Understanding FHA Guidelines: 3 Common Misconceptions
If you’re planning on buying a home, you might be considering an FHA loan.
Navigating FHA guidelines can be tricky, as there are a lot of misconceptions going around about them.
Before you apply for an FHA loan, it’s vitally important to know what you’re really getting into.
And we’re here to help by going over some of the myths that are out there about FHA loans, as well as reveal the truth behind them.
What is an FHA Loan?
Before we get started, let’s go over what an FHA loan is and how it differs from a traditional mortgage.
FHA loans are a type of mortgage insured by the government. More specifically, one that is insured by the Federal Housing Administration.
These loans were established to encourage first-time and lower credit home buyers while still protecting the mortgage companies.
FHA loans require monthly insurance premiums that are meant to protect these potentially high-risk mortgages. As such, if you have excellent credit and the money to put into a down payment, conventional mortgages usually make more sense.
Before deciding which type of home loan is the right one, you might want to weigh the pros and cons of each type of loan.
Now let’s dive into three of the most common misconceptions about FHA guidelines, and the actual truth behind them.
1. Down Payments (or Lack of One)
One of the biggest misconceptions about FHA guidelines centers around down payments.
It’s widely believed that FHA loans do not require down payments. This is simply not true.
For those with a credit score of 580 or above, FHA loans require a down payment of 3.5%, which is significantly lower than traditional mortgages.
If you have a credit score of 500-579, you will find that a 10% down payment is required.
2. Anyone Can Get an FHA Loan
While FHA guidelines are significantly less stringent than conventional mortgages, that doesn’t mean that anyone can just walk into a financial institution and get a one.
FHA loans still require a minimum credit score of 500, and even that doesn’t guarantee you a loan.
There are many other factors to consider when it comes to FHA loans, including debt to income ratios and loan limits.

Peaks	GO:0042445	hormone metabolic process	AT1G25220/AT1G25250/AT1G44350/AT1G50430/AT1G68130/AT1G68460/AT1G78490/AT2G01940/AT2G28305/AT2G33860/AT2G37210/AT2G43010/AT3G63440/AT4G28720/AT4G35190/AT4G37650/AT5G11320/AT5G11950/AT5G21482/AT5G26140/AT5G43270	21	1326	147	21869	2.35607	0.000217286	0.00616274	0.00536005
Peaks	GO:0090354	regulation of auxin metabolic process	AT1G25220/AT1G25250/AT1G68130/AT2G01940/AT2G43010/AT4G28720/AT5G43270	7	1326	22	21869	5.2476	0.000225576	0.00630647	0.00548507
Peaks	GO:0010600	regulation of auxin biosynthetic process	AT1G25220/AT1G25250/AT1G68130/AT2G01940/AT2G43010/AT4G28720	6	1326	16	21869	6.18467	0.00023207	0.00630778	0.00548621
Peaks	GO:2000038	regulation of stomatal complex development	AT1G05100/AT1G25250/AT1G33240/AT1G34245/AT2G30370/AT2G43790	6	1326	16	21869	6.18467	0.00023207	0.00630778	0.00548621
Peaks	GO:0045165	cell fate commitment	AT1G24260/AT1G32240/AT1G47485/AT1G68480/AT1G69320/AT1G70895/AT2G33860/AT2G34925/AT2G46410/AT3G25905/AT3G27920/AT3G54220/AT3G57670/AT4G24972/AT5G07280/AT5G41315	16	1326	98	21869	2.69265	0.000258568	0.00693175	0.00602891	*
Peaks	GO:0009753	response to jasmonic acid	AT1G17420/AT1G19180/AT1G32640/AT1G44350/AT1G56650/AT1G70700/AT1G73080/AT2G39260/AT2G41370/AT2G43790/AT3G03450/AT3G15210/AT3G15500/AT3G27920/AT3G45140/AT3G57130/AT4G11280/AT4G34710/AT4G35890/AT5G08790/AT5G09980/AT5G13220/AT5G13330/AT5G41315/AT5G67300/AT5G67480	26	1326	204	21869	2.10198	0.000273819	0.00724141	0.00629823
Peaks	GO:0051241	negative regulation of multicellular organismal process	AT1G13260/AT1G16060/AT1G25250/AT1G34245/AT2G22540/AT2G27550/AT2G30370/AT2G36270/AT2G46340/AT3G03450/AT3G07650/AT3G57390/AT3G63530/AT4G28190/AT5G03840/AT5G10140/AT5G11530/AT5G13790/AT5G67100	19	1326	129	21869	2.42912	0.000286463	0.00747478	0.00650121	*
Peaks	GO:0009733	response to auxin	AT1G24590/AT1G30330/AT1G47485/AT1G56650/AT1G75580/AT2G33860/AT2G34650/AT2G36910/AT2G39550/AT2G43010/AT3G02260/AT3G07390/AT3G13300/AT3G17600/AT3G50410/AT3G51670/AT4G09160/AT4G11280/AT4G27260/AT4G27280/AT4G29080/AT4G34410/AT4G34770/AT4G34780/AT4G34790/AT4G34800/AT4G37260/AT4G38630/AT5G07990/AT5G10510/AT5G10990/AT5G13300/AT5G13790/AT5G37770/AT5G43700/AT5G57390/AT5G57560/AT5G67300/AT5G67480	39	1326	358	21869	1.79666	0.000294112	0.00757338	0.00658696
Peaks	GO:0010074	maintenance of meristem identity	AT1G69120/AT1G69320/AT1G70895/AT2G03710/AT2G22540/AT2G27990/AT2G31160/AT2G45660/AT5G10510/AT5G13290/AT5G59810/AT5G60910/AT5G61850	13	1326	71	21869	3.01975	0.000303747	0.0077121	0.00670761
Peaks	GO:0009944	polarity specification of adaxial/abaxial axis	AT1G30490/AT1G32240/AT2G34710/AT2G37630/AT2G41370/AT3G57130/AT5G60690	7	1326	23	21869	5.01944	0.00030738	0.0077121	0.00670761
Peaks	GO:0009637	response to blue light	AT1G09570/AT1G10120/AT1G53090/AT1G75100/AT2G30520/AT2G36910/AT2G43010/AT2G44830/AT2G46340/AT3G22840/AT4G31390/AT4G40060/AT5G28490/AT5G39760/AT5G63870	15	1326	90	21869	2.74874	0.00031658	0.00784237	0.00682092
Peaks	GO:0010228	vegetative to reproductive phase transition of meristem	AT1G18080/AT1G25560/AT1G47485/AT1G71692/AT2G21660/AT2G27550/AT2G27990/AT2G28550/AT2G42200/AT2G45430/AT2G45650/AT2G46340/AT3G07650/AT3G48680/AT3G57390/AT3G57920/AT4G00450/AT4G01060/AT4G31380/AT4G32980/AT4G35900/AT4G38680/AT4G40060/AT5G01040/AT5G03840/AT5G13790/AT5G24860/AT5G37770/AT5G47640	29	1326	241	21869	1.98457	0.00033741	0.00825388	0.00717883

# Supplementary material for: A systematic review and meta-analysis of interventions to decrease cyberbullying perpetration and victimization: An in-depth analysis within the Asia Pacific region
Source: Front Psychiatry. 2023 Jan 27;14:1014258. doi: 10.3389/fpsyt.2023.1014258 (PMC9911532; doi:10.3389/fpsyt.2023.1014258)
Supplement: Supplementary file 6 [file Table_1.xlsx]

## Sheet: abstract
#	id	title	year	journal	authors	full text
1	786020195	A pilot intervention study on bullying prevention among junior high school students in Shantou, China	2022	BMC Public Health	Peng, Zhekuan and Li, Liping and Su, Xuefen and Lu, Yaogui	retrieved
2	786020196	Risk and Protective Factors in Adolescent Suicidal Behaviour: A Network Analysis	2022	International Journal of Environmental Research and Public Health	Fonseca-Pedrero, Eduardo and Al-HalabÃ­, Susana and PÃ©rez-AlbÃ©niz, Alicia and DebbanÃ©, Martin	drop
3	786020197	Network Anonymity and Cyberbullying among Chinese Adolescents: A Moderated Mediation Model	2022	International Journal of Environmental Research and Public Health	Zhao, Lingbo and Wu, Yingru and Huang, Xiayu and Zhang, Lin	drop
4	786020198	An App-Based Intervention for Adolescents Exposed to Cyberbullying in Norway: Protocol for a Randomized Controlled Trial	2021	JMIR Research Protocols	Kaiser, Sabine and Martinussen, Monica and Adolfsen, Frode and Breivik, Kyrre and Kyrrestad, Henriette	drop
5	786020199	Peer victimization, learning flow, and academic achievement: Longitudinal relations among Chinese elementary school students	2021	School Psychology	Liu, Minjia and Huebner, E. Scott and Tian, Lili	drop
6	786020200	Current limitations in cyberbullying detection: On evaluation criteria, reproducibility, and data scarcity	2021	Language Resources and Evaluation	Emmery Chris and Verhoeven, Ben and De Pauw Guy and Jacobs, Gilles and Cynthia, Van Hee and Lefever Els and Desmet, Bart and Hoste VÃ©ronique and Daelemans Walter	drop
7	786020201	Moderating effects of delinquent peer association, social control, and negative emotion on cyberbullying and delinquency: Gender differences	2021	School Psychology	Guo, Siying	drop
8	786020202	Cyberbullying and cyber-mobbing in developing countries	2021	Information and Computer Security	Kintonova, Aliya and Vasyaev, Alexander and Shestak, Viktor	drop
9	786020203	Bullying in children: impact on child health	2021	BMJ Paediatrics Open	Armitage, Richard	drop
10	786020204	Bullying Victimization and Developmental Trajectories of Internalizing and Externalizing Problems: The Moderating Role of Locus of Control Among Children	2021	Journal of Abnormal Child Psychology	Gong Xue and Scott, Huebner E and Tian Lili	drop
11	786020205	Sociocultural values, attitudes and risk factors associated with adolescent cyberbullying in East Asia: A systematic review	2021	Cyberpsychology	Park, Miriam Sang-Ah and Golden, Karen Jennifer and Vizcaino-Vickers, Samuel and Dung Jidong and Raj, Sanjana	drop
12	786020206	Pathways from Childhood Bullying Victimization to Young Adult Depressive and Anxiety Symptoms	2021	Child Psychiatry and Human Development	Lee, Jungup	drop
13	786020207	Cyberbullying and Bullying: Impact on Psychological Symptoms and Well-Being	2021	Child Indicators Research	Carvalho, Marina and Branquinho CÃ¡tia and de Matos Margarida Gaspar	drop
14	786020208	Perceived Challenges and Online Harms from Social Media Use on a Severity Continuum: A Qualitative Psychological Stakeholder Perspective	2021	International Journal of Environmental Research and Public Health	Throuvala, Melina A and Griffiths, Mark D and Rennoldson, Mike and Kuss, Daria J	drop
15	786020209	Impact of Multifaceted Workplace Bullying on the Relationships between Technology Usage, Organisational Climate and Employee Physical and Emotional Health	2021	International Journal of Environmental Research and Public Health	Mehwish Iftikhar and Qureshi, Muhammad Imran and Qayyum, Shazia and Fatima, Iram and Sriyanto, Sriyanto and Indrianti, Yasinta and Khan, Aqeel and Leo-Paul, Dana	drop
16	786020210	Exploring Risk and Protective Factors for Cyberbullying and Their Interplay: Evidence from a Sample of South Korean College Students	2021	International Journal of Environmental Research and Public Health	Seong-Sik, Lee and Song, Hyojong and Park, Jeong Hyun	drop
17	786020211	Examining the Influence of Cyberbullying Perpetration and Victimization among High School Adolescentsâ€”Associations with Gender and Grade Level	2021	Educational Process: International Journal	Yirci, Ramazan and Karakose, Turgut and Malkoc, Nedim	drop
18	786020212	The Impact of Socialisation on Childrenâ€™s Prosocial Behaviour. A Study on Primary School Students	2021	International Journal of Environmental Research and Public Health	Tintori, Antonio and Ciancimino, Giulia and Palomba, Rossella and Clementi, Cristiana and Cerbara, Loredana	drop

There are also property restrictions for FHA loans. The property must be the borrower’s principal residence. It must be occupied within 60 days of closing, and cannot be purchased within 90 days of a prior house sale.
These property restrictions are meant to prevent borrowers from taking advantage of the FHA program to flip houses or buy investment properties.
3. The FHA Funds These Loans
Many people think that getting an FHA loan is simply borrowing money from the Federal Housing Administration, and that’s why the requirements are lower.
This too is a myth. The FHA does not actually give out any money. They simple insure the loans.
The loans are underwritten by one of the thousands of FHA-approved lenders around the country.
What Do These FHA Guidelines Mean for Me?
Now that you know the truth about some of the FHA guidelines for securing a home loan, it’s time to start finding the FHA loan that’s right for you.
It’s essential to be educated on all of your options before committing to a loan, and that’s where we come in!
FHA Loan Search can help you find the right lender, and provide expert advice every step of the way.
Reach out to us today for a custom FHA loan quote to get started on the right home-buying path.
Following the latest trends in home loans and interest rates, she leads a content team that researches residential lending and first-time home buyer loan programs.
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